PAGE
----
their headache comes back two to 24 hours later,” says Dr. Newman. “By combining a triptan with an anti-inflammatory you often prevent this.” Supplementing with magnesium is espe- cially important during the prodrome because it relaxes blood vessels and reduces the likelihood that migraine-inducing elec- tric signals in the brain will be generated. “Sometimes, if you feel like you are getting a headache, if you take magnesium it can help stave it off,” says Alexander Mauskop, M.D., author of What Your Doctor May Not Tell You About Migraines. The usual dose is 500 mg daily in the form of magnesium dioxide. If you take it regularly, it can cut your incidence of migraine in half. Another warning sign is the aura, which affects about 15 percent of migraine sufferers. A typical aura is a visual disturbance that starts about 20 minutes before the onset of the head- ache pain and is characterized by positive visual disturbances—bright flashes of light, jagged lines and distortion of images. Treatment often includes triptan, sometimes combined with an anti-inflammatory.
JUPITER IMAGES/CHRIS A RUSANK
Even if you miss treating your migraine in
the prodrome and the aura stages (or if you
don’t experience them), you can still shorten
headache time. “When you take a triptan
within the first hour of the headache, when it is
in the mild stage, it drastically shortens how
long the migraine lasts and how bad it becomes;
and it also reduces the likelihood that you’ll
have any side effects from the medicine, like
nausea, tingling or feeling of heat or flushing or
• Tension-type headaches are bilateral band-type headaches without nausea or sensitivity to light, noise or smells; they are usually triggered by stress, fatigue, anxiety or anger. Over-the-counter drugs such as aspirin, ibuprofen, acetaminophen or naproxen sodium usually offer relief. • Cluster headaches are intense, severe headaches; they afflict more men than women. The headaches are brief, last- ing 15 minutes to two hours on one side of the head. They occur every day or multi- ple times a day for about two weeks to two months and then spontaneously go away. Prescription treatments can include an injectable triptan, corticosteroids, vera- pamil (a calcium channel blocker) or anti- epileptic drugs. • Sinus headaches typically involve pain If it’s not a migraine— what is it?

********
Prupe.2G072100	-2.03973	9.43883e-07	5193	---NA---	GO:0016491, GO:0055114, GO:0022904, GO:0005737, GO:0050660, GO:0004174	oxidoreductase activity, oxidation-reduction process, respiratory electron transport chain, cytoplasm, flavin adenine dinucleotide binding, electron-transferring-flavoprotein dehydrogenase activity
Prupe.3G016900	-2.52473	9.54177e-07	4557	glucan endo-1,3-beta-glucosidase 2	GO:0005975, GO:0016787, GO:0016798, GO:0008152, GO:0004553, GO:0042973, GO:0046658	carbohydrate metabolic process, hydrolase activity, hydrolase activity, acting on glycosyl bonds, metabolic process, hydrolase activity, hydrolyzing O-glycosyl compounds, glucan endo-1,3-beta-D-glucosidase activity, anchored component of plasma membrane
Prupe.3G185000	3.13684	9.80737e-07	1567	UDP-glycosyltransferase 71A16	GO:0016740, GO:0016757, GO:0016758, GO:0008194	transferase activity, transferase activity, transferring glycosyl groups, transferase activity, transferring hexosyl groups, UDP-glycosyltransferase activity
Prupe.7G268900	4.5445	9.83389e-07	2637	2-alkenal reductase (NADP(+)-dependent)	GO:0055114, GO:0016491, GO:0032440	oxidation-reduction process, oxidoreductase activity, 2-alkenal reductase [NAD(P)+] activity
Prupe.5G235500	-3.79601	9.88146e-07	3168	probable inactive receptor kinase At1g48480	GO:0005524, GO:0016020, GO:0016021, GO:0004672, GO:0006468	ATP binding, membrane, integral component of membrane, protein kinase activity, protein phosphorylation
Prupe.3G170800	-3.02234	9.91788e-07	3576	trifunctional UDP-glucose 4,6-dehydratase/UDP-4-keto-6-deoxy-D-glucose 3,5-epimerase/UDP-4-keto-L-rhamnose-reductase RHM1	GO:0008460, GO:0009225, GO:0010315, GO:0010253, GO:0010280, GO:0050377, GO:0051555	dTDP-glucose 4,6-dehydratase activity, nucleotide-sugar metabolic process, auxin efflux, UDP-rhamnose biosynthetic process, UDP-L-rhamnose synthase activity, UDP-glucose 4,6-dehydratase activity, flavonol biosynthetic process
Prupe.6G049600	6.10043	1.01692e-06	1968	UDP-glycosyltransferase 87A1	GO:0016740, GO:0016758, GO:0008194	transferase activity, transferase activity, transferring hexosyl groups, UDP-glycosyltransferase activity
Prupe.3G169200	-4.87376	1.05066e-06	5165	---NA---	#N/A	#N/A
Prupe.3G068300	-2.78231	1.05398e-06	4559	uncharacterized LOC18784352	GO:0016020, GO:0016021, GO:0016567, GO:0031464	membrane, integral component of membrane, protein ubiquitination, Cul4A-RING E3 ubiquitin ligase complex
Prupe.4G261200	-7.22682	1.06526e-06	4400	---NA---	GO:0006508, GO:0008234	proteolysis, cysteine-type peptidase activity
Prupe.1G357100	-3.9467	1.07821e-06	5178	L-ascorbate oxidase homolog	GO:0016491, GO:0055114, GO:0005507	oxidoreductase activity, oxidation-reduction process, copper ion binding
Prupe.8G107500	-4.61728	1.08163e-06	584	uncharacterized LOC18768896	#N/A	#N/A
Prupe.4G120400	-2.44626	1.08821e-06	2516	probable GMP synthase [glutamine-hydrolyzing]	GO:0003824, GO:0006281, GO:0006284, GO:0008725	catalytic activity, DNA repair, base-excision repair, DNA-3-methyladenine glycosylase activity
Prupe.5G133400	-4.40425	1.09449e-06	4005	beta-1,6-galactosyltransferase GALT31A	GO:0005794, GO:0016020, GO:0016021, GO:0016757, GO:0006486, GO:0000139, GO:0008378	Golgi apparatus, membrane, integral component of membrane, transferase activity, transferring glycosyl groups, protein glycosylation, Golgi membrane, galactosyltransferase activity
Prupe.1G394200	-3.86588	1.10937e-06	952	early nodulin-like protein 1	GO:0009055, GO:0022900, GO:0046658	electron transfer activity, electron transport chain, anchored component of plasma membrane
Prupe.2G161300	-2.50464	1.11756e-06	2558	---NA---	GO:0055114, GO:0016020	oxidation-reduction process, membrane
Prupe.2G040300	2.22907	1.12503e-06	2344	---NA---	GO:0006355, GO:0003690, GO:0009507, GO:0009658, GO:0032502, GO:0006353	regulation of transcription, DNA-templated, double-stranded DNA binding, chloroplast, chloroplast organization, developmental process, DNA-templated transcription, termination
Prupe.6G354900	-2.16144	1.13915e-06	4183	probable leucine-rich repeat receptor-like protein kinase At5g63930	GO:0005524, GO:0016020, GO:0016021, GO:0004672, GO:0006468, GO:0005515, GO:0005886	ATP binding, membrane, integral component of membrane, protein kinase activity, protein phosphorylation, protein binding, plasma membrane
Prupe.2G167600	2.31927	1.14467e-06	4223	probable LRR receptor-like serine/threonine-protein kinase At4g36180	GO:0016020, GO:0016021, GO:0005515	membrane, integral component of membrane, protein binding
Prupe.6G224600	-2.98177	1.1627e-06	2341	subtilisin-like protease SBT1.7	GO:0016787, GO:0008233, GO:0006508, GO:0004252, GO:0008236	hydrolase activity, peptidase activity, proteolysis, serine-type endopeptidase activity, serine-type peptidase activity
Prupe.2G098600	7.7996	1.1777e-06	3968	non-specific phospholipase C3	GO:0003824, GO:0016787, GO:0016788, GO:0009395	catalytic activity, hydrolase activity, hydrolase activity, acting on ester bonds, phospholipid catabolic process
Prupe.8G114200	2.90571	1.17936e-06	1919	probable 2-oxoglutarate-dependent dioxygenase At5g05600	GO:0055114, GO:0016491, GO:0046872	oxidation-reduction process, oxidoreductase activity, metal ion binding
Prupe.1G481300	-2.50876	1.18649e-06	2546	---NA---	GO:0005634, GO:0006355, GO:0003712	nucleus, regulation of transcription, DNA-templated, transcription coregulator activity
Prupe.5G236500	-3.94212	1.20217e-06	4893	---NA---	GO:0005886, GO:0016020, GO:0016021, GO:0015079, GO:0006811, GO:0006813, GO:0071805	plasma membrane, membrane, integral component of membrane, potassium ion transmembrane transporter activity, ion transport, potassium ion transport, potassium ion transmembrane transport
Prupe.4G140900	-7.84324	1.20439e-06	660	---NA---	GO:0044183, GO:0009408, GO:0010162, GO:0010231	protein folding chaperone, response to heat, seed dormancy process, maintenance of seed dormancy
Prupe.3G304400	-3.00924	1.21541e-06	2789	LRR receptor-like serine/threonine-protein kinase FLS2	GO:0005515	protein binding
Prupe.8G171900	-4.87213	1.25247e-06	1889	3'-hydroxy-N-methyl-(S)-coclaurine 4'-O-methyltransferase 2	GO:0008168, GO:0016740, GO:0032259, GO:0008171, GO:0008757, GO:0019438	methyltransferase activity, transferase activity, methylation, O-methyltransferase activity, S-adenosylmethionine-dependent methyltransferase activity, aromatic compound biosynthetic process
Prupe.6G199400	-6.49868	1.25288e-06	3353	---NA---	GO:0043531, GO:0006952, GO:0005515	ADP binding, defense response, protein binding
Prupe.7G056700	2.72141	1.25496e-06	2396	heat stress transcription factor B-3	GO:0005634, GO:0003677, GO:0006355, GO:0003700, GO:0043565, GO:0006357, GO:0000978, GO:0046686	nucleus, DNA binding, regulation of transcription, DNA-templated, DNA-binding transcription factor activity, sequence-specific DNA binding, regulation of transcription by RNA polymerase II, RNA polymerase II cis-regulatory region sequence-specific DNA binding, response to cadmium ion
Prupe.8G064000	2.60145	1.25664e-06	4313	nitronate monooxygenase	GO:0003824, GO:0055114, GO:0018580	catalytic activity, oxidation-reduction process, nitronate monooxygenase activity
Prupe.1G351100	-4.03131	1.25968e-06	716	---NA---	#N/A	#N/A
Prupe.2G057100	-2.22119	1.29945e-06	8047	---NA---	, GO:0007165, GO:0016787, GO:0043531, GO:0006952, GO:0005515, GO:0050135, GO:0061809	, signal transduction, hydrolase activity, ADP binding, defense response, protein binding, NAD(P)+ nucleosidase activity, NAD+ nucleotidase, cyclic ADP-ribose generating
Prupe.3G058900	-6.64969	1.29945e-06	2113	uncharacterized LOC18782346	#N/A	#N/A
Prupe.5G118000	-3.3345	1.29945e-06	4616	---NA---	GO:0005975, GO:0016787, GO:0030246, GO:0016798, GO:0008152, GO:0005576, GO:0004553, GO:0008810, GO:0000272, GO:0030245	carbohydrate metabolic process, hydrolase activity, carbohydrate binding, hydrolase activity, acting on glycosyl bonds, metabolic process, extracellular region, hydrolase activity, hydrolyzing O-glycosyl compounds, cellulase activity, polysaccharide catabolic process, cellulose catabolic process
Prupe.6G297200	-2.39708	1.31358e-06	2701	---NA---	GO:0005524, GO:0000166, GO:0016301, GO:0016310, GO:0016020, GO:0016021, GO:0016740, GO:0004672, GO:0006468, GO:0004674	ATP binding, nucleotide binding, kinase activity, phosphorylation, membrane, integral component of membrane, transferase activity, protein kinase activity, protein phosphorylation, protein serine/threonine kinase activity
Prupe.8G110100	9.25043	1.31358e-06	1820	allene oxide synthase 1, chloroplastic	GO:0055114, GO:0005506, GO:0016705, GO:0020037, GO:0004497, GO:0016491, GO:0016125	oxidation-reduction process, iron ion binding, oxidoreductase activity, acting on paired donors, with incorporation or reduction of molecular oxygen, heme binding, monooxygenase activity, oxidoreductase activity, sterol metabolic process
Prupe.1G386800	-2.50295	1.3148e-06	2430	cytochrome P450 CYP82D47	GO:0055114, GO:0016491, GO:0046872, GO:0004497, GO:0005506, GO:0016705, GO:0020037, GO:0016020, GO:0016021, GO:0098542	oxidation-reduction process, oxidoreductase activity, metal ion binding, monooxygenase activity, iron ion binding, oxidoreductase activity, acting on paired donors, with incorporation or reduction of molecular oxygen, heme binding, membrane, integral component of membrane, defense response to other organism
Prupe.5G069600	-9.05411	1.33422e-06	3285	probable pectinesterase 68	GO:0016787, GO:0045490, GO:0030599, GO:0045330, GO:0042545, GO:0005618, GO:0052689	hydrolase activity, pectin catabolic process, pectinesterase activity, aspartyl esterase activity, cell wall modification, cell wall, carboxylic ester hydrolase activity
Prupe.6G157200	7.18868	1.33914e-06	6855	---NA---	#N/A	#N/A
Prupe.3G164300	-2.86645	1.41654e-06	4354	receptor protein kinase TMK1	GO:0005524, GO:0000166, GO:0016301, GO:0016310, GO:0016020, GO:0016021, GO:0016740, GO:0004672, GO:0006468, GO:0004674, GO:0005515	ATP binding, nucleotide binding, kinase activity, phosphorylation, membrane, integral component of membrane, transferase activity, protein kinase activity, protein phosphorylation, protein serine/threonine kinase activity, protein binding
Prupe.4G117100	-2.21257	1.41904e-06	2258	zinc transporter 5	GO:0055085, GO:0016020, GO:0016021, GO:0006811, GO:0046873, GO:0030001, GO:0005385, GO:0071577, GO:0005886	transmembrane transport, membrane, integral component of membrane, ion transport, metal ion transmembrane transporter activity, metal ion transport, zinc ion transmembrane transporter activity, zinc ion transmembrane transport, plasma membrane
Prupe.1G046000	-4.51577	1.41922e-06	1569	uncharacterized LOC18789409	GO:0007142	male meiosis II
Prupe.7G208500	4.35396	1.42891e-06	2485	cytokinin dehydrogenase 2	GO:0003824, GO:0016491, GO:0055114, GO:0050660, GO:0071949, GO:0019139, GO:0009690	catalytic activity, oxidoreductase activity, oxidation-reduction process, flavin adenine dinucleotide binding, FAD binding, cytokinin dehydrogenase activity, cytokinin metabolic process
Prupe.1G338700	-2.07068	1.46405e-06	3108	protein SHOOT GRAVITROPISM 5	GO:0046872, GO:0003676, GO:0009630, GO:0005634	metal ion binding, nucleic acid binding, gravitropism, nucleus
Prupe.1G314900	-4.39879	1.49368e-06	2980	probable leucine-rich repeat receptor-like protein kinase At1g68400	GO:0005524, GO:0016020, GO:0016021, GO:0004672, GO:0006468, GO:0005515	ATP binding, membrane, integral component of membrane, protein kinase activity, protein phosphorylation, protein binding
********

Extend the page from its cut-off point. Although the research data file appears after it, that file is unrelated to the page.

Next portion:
pressure sensation over the neck or scalp,” says
Dr. Freitag. You can also take prescription anti-inflammatories, muscle relaxants or over-the-counter drugs such as Aleve liquid gels and
Alka-Seltzer that are absorbed quickly.
Even doing simple things can help you
feel better, such as using an ice pack or even a
bag of frozen peas. “Put one over the area of
most intense pain and one on the back of the
neck,” says Dr. Freitag. Eat soda crackers and
sip cola over crushed ice to ease nausea. You
can also take over-the-counter remedies such
as Dramamine or Benadryl.
After the migraine is over
After the migraine is over, you enter the
phase called the postdrome, a kind of head-
ache hangover. “Taking a dose of anti-inflam-
matory medicine can be very helpful to put
the finishing touches on the headache phase,
like aspirin, naproxen, ibuprofen or Excedrin
Migraine,” says Dr. Freitag. “But don’t take
Excedrin more than three times a week or it
will cause rebound.”
For more information about how to treat
migraines, visit the American Headache
www.achenet.org), the Migraine
Awareness Group (
the National Headache Foundation (www.
Chrystle Fiedler writes about health topics for
many national publications. She is a former
and pressure in the sinus area and discolored nasal discharge. When sinus infection is the cause, often fever is present, and X-rays or a sinus CAT scan will indicate a sinus blockage. Often migraineurs have sinus aggravation or irritation that seems like a sinus headache, but the migraine is the underlying cause of the pain. Once the migraine is treated they feel better. Prescription treatments can include antibiotics, local corticosteroids, anal- gesics and nasal vasoconstrictors. See your doctor to determine the best course of treatment for you.—CF
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NOVEMBER 2010 ;e Costco Connection 73